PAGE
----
Solving problems is the most interesting part of about your studies: architectural training is getting a problem and solving that problem. From the very beginning in the design studio, you get a house to design or a school to design and you solve it. Then you go beyond building into larger projects, like I did at Cranbrook, where you design a whole city. The most interesting thing about architecture is trying to understand all of the variables, and to come up with a solution that meets the goals. The goals are partially your goals of trying to do a good building, partially the vision of the client.
How has your education benefited your career?
All of my education – undergraduate work, the master's work with Eliel Saarinen – has had tremendous benefit to my career. Working on the large scale projects under Saarinen gave me a much broader view about solving a large-scale project. All of those experiences were very helpful. Saarinen used to say architects design a chair, then a room, then a group of rooms into a house, then a group of houses to make a community, then the groups make the city, and so forth; from the smallest furniture to the largest community, the architect has to think about what is really good design and what is good for the people working in the various environments.
What should prospective students consider when considering architecture as a profession?
I think that there are very few professions where you have the opportunity to be creative, and unlike law or medicine, I think architecture is one of the most interesting professions because it gives a person the opportunity to create something on his own. There are not very many professions that allow you to do that. If you do a good project, the rewards are incredible. It's not a very high-paying profession compared to law or medicine, but it has its own, much higher rewards. It always has new projects, because people are always looking for a better space, a better life. It's a tremendous profession.
Based on what you hear in the industry, what are some of the most respected and prestigious architecture schools, departments or programs?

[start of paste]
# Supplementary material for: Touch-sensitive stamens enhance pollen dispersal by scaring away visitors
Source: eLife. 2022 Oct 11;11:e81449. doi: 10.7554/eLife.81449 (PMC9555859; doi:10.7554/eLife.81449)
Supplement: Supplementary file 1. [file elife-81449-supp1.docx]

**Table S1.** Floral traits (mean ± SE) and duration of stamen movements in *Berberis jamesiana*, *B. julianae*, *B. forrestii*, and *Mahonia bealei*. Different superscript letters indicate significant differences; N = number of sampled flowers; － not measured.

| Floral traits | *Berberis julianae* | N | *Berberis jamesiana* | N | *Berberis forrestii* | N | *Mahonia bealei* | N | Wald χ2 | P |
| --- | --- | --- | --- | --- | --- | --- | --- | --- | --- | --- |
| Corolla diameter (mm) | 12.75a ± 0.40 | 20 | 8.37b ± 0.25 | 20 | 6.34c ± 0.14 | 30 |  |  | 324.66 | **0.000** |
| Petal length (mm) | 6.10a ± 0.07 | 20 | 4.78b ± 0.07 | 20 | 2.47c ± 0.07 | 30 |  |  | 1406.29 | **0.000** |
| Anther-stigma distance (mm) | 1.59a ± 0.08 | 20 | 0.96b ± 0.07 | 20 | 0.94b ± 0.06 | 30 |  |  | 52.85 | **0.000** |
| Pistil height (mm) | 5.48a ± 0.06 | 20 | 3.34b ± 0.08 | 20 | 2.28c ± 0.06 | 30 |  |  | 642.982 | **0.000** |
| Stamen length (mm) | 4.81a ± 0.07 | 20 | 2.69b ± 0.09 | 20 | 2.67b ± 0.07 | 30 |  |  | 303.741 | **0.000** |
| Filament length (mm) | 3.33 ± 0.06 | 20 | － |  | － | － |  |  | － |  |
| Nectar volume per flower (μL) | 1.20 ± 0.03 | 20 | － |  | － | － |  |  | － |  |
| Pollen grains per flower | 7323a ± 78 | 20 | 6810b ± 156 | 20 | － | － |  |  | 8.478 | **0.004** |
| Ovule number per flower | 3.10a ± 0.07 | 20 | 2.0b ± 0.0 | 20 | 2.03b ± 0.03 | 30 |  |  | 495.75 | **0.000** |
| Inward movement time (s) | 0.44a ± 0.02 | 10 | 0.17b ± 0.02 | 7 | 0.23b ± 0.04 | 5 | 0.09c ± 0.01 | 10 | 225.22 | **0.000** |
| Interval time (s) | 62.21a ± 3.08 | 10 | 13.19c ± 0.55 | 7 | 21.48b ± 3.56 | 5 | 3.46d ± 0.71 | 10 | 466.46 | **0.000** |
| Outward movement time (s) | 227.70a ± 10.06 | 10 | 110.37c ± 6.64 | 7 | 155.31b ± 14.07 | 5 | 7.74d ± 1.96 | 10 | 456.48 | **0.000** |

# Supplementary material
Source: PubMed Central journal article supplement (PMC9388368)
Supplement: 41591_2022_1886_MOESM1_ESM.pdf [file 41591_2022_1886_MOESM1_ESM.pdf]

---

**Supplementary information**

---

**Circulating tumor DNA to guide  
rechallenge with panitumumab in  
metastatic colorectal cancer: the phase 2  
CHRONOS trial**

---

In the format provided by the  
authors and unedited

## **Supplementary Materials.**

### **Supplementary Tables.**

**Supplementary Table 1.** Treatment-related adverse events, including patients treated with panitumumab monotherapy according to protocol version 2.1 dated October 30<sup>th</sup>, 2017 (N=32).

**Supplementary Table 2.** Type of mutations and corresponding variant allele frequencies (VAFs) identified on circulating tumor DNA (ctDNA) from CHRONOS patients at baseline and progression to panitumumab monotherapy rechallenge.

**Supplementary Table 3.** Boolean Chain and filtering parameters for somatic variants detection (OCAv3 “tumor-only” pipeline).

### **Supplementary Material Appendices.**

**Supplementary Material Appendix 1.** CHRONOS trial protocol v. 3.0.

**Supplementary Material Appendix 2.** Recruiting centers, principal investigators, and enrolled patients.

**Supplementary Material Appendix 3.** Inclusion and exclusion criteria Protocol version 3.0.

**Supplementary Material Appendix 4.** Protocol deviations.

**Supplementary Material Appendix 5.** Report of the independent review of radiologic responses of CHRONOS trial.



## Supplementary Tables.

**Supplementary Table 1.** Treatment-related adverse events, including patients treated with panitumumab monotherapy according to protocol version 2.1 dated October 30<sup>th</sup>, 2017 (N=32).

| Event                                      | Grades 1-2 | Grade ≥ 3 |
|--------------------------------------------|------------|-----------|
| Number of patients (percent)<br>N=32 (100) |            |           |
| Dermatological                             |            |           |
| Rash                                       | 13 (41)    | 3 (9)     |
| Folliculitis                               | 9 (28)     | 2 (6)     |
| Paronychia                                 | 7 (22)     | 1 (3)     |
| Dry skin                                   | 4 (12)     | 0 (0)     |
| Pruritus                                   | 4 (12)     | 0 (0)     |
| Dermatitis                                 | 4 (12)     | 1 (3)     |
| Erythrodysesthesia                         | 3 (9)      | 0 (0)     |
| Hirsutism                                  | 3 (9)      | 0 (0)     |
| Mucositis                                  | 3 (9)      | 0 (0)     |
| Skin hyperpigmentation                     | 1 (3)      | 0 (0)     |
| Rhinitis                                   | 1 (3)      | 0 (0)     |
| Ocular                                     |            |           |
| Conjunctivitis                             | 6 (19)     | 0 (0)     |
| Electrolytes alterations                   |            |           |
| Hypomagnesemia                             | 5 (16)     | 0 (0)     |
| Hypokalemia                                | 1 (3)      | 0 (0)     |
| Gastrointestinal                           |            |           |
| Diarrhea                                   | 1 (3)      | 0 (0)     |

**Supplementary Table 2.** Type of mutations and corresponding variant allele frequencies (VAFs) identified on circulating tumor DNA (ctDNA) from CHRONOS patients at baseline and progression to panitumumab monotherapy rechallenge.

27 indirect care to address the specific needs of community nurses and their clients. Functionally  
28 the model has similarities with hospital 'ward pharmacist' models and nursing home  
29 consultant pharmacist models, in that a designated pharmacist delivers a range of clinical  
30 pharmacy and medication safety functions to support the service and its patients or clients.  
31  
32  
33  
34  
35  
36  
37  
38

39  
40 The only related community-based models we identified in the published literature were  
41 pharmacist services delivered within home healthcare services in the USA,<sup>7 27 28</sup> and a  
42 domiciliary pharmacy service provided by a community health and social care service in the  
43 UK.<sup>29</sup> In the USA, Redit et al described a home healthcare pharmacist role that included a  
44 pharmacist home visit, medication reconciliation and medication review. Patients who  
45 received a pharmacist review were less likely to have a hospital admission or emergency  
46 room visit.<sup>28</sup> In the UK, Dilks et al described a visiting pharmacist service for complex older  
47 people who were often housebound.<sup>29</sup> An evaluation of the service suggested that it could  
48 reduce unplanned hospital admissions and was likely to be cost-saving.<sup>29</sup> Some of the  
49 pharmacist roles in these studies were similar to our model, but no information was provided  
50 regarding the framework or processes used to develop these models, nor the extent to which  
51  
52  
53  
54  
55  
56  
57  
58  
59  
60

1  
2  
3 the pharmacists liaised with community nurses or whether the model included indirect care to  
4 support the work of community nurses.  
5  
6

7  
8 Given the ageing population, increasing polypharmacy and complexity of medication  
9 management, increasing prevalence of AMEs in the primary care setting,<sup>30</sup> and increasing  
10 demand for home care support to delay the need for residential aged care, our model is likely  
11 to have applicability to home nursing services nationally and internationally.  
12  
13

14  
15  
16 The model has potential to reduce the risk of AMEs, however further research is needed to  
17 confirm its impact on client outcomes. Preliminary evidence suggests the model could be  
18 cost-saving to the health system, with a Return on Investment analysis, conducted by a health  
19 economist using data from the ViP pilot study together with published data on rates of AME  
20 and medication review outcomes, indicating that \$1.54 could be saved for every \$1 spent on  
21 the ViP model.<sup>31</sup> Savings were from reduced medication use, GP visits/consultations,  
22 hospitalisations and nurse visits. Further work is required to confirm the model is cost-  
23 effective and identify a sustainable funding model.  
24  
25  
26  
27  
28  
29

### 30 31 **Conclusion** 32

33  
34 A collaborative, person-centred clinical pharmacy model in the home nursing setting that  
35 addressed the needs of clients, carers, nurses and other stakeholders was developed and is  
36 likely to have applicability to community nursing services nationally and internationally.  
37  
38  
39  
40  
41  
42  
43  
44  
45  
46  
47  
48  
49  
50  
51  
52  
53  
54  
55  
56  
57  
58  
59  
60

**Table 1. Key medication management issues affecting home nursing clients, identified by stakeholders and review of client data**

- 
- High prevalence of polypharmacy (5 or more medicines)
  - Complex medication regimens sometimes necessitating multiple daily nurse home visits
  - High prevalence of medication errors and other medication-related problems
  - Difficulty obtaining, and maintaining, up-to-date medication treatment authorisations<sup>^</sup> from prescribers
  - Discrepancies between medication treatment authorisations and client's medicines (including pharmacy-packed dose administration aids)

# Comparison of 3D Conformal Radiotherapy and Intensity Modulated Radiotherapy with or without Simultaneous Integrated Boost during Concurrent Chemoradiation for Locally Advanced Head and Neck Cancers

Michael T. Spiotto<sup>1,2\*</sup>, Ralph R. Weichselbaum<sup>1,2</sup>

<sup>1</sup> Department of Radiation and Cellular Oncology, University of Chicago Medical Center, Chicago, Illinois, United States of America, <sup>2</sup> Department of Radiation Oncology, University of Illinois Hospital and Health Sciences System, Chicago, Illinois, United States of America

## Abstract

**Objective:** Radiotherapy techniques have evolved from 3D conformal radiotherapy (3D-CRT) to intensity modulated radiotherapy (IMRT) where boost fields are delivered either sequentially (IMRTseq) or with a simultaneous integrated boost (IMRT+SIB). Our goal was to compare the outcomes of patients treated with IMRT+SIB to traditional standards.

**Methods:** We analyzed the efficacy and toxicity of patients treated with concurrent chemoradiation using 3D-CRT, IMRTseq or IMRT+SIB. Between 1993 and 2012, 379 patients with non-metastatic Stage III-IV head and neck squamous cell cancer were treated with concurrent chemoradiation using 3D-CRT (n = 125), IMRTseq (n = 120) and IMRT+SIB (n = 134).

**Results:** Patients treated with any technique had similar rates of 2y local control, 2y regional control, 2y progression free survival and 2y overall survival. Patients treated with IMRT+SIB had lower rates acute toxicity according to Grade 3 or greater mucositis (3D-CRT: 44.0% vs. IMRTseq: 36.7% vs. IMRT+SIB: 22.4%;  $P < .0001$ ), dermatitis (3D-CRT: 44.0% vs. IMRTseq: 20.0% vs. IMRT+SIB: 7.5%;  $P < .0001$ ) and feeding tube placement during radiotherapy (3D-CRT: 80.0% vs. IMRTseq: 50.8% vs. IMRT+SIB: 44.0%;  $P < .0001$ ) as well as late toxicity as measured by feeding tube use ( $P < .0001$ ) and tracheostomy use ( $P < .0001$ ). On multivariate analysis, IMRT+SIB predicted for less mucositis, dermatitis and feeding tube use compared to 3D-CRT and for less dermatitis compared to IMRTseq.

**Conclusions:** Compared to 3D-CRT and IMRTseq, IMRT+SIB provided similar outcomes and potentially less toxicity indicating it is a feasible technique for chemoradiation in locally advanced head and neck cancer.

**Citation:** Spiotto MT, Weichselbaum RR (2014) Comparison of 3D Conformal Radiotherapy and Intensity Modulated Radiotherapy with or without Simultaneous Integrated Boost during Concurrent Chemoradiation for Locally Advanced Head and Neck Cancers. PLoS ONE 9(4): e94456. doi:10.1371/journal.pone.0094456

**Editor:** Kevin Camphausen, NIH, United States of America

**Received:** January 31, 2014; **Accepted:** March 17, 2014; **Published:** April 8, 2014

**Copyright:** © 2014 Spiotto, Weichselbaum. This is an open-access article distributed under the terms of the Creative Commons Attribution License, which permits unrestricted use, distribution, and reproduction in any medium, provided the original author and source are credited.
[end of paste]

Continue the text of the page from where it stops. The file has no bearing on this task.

There are many, many fine architectural schools. I think that any student who has a real passion for architecture or design will do well in almost any school. Sometimes the craving to work for a certain designer is less important than really learning how you solve problems in a school setting.
I know from experience that Washington University has a very good school. Of course the big names like Harvard, Yale and Princeton all have very fine faculty.
Does graduating from a prestigious school make a difference in landing a good job?
It probably helps to have a degree from Harvard or so forth, but I don't think it's that important. If you have the drive or the passion, you can graduate from any school and be a good architect. It would be interesting to do a study to see what architects come from the various schools. In the NFL, they study the schools and rank the schools that produce the star football players... it would be interesting to see what practitioners have succeeded from various colleges.
What can students applying to architecture schools and programs do to increase their chances of being accepted?
When you are going to primary school and secondary school, you don't get much access to architecture or buildings, unless that student comes in contact with an architect friend of the family the way one of my brother's best friends who was an architect helped me.
Our country really does nothing about art and architecture in the early education, and solving problems, and so I think if a person has a passion for architecture and is interested in it and can read about it, and can talk to some people that would given them some knowledge of it, that would be the best thing.
What is right and wrong with today's architecture education offerings?
In terms of just the practice of architecture, the whole idea of most of the schools is design design design; they try to train everyone to become a designer, but only 10% of architects really design in the larger practices. The schools need to emphasize that there are a lot more elements that just design, like being a good production architect that knows how to make good project drawings, or in the construction end, how you run projects, and in a larger firm, how important marketing is. There are many parts to architectural practice that many of the schools don't consider. Many of the schools should have people who have practiced architecture as teachers; it gets to be too academic when it is just teachers that have just taught and have not practiced that much. It's a fine line between teaching and practice.
On a basic level, what skills are required to be an architect?